Which Places Are Growing? Seven Notable Trends from Newly Released Census Data
March 25, 2011
Edward L. Glaeser (Glimp Professor of Economics, Harvard University)
In a new Rappaport Institute/Taubman Center Policy Brief titled Which Places are Growing? Seven Notable Trends From Newly Released Census Data, Edward Glaeser, director of both the Rappaport Institute for Greater Boston and the Taubman Center for State and Local Government, identifies seven key facts about county-level population growth that emerge from census data that were released on March 24, 2011. The seven facts are:
- Population growth was much higher in counties with higher incomes as of 2000. Americans unsurprisingly moved to areas that deliver higher wages.
- January temperature continues to be a strong predictor of population growth. This fact reflects both a natural affinity for warmth, and also the tendency of many Sunbelt areas to have fewer barriers to building.
- Population growth was faster near ports. While 19th century Americans populated the American hinterland, 21st century Americans are moving to the country’s periphery.
- People are moving to dense areas, but not the densest areas. Despite the decline in transportation costs, people are still disproportionately moving to places that had higher density levels as of 2000, responding to the enormous productivity advantages associated with proximity.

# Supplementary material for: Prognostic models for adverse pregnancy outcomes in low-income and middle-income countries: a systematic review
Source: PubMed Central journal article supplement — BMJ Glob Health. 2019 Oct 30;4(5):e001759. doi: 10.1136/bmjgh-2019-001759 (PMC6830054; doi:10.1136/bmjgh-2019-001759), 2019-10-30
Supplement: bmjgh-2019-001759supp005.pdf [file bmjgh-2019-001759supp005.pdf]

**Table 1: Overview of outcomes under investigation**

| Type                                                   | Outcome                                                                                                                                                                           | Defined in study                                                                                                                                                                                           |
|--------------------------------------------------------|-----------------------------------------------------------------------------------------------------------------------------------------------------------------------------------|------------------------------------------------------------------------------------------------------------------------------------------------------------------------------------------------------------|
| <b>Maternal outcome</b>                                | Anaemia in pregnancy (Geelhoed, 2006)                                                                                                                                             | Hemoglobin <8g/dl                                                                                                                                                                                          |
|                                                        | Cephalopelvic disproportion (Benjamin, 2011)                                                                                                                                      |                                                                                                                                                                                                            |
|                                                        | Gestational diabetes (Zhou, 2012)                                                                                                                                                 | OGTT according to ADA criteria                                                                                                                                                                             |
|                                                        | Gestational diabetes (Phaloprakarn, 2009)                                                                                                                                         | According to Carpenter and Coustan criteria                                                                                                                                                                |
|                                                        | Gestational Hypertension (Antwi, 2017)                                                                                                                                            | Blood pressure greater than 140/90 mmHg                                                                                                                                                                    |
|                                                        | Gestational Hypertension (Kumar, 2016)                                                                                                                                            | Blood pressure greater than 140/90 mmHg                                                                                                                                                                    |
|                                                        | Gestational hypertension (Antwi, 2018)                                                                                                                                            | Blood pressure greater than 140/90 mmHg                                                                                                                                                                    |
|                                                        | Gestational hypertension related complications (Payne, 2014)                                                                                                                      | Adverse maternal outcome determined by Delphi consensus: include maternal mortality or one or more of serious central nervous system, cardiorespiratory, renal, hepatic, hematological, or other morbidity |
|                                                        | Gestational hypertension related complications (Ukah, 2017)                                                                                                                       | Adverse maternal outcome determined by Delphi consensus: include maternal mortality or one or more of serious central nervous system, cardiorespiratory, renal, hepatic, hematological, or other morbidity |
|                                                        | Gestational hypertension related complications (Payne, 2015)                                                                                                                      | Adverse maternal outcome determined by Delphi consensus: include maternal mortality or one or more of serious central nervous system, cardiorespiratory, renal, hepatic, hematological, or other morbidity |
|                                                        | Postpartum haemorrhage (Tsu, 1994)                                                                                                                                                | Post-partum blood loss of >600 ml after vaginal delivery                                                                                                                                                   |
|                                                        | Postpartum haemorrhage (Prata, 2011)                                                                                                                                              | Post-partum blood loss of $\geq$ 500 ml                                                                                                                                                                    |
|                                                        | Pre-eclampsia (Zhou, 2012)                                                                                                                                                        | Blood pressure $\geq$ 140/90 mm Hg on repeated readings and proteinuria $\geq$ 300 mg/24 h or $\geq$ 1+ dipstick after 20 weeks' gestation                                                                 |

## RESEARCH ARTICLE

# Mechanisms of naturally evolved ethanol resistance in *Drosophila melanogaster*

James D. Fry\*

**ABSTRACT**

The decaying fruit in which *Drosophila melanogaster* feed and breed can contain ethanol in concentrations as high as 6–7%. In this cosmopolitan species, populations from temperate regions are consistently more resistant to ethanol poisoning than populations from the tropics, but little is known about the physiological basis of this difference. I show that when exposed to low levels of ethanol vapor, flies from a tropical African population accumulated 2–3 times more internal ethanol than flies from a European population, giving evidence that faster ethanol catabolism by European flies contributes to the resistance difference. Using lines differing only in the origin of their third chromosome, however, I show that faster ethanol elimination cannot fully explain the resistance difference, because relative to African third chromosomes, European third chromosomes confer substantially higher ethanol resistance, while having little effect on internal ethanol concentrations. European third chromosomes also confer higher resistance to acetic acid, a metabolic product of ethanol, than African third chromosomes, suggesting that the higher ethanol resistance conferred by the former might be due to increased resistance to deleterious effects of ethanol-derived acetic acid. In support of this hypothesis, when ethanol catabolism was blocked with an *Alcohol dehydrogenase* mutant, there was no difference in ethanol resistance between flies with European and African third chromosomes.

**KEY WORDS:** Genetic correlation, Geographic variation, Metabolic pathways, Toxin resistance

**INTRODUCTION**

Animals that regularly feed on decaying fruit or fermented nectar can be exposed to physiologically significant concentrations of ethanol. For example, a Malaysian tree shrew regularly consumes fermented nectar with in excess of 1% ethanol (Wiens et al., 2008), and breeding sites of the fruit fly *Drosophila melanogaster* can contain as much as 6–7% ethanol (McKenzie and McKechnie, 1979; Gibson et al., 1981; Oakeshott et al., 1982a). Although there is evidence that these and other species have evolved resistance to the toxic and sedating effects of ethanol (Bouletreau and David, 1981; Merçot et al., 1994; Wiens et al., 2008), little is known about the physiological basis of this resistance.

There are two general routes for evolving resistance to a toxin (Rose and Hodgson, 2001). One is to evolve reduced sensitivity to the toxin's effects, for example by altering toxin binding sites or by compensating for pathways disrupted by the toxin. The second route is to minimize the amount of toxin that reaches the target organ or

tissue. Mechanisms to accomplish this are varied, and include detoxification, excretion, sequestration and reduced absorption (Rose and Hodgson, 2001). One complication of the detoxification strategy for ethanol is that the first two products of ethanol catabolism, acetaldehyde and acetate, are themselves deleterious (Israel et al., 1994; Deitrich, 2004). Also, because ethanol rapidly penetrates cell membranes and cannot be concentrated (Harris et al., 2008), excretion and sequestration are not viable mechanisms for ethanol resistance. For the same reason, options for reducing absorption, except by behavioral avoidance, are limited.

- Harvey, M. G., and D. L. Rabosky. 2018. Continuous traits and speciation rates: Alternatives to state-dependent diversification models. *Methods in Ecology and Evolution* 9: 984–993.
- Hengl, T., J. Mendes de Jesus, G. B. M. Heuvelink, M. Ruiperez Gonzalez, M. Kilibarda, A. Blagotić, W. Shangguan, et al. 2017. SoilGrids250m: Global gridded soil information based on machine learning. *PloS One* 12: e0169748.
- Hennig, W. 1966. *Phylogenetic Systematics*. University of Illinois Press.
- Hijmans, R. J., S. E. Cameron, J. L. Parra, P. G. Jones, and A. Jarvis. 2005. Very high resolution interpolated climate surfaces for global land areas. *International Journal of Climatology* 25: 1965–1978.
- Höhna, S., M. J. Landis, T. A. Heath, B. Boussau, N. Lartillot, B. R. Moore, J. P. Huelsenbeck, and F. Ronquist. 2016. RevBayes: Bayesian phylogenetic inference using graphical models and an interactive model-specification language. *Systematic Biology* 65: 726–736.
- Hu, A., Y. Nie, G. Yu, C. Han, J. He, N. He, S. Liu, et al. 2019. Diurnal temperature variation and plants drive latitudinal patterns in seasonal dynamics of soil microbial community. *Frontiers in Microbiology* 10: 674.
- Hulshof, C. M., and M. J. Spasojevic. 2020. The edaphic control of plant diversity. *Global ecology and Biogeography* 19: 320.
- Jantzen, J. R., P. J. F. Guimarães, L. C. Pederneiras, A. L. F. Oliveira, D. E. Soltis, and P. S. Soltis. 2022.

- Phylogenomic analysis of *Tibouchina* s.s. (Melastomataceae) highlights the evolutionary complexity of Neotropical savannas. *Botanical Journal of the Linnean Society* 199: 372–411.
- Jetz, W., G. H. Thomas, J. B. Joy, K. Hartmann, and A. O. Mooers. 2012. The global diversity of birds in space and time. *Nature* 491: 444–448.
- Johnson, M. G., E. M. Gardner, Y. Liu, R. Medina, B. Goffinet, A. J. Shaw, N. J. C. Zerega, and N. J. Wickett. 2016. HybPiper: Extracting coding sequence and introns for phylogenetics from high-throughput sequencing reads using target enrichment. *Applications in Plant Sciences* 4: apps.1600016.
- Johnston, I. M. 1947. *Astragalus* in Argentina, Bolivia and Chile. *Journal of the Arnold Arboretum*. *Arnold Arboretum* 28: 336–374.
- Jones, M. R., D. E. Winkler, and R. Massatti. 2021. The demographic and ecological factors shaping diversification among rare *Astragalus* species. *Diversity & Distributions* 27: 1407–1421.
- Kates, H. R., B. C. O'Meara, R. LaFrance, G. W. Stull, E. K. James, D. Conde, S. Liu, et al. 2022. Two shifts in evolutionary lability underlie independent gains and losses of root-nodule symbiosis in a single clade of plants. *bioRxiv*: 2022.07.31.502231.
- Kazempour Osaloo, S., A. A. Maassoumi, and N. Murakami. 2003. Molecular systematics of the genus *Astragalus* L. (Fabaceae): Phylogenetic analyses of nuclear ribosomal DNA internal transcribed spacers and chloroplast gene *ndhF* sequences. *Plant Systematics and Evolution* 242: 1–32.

- The education level of a county as of 2000 strongly predicts population growth over the last decade. Again, this trend reflects the tendency of skilled areas to generate far higher incomes.
- Manufacturing employment predicts lower population growth. While manufacturing has predicted urban decline for decades, the connection between manufacturing and lower levels of growth across all U.S. counties is a more recent phenomenon.
- Limits to housing supply that come from either nature or regulation will also limit population growth. The most expensive areas have not grown all that much and the areas that have grown most demonstrably are not that expensive.
Glaeser concludes by noting that while these trends do not dictate any particular public policies or suggest any particular course of action, they should be relevant for policy-makers at both the local and the national level.